The authors collected complete follow-up data on 239 of 326 GKS procedures performed in patients with facial pain. Patients were classified by their type of pain. The isocenter of a 4-mm collimator helmet was targeted at the proximal trigeminal nerve root, and the dose (80–90 Gy) was prescribed at the 100% isodose line. Patients reported the amount of pain control following radiosurgery by answering a standardized questionnaire.

Eighty percent of patients experienced greater than 50% pain relief, and 56% of patients experienced complete pain relief after GKS. Neither dose rate nor treatment time was significantly associated with either the control rate or degree of pain relief. A significant association between the type of facial pain and the pain control rate after GKS was observed (p < 0.001; Pearson chi-square test).

In their statistical analysis, the authors accounted for changes in prescription dose over time to prevent the dose rate from being a confounding variable. There was no observable effect of the dose rate or of the treatment duration within the typical period to source replacement.

Conclusions

Patients with facial pain appear to receive consistent treatment with GKS at any time during the first half-life of the Co sources.

Restricted access

Tracy E. Alpert, Chung T. Chung, Lisa T. Mitchell, Charles J. Hodge, Craig T. Montgomery, Jeffrey A. Bogart, Daniel Y-J. Kim, Danel A. Bassano and Seung S. Hahn

Object. The authors sought to evaluate the initial response of trigeminal neuralgia (TN) to gamma knife surgery (GKS) based on the number of shots delivered and radiation dose.

Methods. Between September 1998 and September 2003, some 63 patients with TN refractory to medical or surgical management underwent GKS at Upstate Medical University. Ten patients had multiple sclerosis and 25 patients had undergone prior invasive treatment. Gamma knife surgery was delivered to the trigeminal nerve root entry zone in one shot in 27 patients or two shots in 36 patients. The radiation dose was escalated to less than or equal to 80 Gy in 20 patients, 85 Gy in 21 patients, and greater than or equal to 90 Gy in 22 patients. Pain before and after GKS was assessed using the Barrow Neurological Institute Pain Scale and the improvement score was analyzed as a function of dose grouping and number of shots.

Sixty patients were available for evaluation, with an initial overall and complete response rate of 90% and 27%, respectively. There was a greater improvement score for patients who were treated with two shots compared with one shot, mean 2.83 compared with 1.72 (p < 0.001). There was an increased improvement in score at each dose escalation level: less than or equal to 80 Gy (p = 0.017), 85 Gy (p < 0.001), and greater than or equal to 90 Gy (p < 0.001). Linear regression analysis also indicated that there was a greater response with an increased dose (p = 0.021). Patients treated with two shots were more likely to receive a higher dose (p < 0.001). There were no severe complications. Five patients developed mild facial numbness.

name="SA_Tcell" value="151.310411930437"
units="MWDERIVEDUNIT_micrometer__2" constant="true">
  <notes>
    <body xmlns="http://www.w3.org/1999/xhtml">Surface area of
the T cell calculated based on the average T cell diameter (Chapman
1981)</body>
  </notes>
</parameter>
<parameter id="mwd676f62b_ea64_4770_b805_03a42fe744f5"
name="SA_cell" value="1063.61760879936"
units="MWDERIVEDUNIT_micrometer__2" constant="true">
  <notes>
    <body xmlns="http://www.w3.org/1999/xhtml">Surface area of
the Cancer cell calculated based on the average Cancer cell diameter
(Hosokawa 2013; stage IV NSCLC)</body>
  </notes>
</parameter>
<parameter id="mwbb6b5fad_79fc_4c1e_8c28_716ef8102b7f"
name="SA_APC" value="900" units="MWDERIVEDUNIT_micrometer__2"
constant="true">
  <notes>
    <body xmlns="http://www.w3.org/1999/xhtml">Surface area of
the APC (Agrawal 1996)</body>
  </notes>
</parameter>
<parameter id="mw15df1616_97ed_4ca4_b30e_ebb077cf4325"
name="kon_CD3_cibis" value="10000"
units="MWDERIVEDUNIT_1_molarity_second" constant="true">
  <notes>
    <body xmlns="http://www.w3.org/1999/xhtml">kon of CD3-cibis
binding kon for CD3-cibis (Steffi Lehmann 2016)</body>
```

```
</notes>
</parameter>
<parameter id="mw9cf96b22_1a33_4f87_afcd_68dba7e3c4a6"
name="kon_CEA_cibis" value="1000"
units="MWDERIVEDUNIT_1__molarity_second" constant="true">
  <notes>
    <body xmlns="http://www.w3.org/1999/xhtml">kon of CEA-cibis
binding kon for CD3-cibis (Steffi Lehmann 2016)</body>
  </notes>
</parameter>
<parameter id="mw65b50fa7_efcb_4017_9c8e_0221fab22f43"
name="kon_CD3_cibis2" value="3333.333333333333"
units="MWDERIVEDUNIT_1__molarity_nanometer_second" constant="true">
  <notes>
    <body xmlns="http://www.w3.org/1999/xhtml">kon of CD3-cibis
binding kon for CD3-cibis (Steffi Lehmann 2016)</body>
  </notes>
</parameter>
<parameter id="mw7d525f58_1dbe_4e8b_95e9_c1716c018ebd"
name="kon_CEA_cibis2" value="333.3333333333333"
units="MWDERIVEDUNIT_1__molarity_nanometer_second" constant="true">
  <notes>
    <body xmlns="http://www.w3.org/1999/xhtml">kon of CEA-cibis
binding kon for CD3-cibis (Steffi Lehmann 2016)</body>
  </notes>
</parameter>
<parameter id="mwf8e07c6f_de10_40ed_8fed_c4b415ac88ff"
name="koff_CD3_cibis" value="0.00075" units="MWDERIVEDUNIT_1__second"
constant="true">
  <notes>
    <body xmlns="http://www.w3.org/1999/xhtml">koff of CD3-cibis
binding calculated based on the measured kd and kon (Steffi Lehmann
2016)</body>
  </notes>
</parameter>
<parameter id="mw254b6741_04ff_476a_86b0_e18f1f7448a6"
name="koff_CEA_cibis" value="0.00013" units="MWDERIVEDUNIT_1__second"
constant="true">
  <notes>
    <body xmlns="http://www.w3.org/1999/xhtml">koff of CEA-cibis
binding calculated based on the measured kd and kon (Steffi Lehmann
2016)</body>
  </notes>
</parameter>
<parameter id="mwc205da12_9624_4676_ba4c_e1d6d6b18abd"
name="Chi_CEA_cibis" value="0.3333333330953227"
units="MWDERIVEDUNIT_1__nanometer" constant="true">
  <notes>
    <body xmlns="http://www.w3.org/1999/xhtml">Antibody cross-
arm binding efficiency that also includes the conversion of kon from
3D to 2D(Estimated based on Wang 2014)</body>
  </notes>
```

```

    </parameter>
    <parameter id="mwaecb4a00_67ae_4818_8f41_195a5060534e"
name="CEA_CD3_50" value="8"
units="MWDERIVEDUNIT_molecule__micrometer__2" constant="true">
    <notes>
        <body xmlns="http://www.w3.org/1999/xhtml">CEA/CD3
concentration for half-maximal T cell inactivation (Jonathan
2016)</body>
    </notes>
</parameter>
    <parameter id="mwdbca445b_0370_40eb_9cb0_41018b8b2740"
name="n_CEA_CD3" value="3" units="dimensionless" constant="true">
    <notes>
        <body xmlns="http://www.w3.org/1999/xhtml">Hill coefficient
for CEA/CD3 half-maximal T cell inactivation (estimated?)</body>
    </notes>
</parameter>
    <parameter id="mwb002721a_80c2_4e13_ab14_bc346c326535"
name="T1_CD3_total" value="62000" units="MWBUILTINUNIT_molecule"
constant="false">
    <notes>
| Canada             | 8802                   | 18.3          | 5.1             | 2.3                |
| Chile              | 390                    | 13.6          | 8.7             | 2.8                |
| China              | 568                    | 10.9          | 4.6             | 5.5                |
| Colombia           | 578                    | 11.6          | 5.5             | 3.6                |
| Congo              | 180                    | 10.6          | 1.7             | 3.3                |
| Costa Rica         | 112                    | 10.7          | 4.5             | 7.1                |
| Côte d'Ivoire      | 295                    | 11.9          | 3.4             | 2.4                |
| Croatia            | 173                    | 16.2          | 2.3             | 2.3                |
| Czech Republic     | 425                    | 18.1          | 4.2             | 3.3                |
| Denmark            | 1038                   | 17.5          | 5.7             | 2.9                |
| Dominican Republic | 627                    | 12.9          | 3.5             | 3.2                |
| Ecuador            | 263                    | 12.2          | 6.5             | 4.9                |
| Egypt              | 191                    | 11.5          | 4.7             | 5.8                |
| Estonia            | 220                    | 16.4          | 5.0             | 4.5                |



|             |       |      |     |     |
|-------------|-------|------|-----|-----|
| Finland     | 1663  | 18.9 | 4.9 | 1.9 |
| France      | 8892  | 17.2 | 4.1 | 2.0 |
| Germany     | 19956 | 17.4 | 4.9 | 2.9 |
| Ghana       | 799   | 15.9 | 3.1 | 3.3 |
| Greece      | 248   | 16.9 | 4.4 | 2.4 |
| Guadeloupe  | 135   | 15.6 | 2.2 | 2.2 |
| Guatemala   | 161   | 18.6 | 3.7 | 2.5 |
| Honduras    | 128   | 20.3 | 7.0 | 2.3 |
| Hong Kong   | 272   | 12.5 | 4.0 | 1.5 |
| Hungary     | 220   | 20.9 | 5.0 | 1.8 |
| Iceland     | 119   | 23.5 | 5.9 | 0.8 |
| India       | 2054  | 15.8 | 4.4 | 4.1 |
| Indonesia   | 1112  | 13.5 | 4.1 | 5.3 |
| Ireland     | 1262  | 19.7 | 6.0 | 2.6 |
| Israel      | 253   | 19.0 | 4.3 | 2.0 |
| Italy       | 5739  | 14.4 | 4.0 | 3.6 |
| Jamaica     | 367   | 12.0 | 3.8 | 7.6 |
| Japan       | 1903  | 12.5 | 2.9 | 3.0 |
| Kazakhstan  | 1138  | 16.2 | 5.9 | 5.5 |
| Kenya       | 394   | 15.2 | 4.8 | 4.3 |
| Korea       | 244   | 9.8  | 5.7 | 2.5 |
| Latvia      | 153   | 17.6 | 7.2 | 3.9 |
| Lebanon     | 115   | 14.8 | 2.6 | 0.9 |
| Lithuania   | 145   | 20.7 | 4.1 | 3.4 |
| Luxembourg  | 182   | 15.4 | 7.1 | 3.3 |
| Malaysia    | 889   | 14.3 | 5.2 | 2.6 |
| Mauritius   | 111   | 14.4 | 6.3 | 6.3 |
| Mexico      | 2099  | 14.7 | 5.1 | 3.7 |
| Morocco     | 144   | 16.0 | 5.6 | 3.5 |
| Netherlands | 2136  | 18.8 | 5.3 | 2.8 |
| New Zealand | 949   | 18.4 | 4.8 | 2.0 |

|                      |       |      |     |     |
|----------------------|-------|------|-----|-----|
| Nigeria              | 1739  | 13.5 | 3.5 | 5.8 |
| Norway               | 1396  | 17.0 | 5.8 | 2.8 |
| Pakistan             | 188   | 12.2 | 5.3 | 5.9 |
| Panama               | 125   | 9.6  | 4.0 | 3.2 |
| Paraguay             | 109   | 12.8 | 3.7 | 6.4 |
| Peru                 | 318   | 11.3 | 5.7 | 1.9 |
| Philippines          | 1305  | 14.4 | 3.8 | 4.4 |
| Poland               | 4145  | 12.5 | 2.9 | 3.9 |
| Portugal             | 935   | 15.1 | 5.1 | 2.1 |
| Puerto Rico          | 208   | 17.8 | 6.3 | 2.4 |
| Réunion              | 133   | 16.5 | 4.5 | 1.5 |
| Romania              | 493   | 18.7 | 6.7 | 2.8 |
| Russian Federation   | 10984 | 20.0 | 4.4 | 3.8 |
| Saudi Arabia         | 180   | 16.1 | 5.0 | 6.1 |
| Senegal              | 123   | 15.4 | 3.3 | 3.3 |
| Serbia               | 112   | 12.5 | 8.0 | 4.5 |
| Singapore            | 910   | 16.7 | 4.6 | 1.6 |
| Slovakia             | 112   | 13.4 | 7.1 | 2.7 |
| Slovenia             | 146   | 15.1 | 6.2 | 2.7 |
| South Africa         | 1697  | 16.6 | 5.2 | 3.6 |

Conclusions. Gamma knife surgery is an effective therapy for TN. Initial response rates appear to correlate with the number of shots and dose.

Restricted access

Dusan Urgosik, Roman Liscak, Josef Novotny Jr., Josef Vymazal and Vilibald Vladyka

Object. The authors present the long-term follow-up results (minimum 5 years) of patients with essential trigeminal neuralgia (TN) who were treated with gamma knife surgery (GKS).

Methods. One hundred seven patients (61 females and 46 males) underwent GKS. The median follow up was time was 60 months (range 12–96 months). The target was the trigeminal root, and the maximum dose was 70 to 80 Gy. Repeated GKS was performed in 19 patients for recurrent pain, and the same dose was used.

Initial successful results were achieved in 96% of patients, with complete pain relief in 80.4%. Relief was achieved after a median latency of 3 months (range 1 day–13 months). Gamma knife surgery failed in 4% of patients. Pain recurred in 25% of patients after a median latent interval of 36 months (6–94 months). The initial success rate after a second GKS was 89% and 58% of patients were pain free. Pain relapse occurred in only one patient in this group. Hypesthesia was observed in 20% of patients after the first GKS and in 32% after the second GKS. The median interval to hypaesthesia was 35 months (range 3–94 months) after one treatment and 21 months (range 1–72 months) after a second treatment.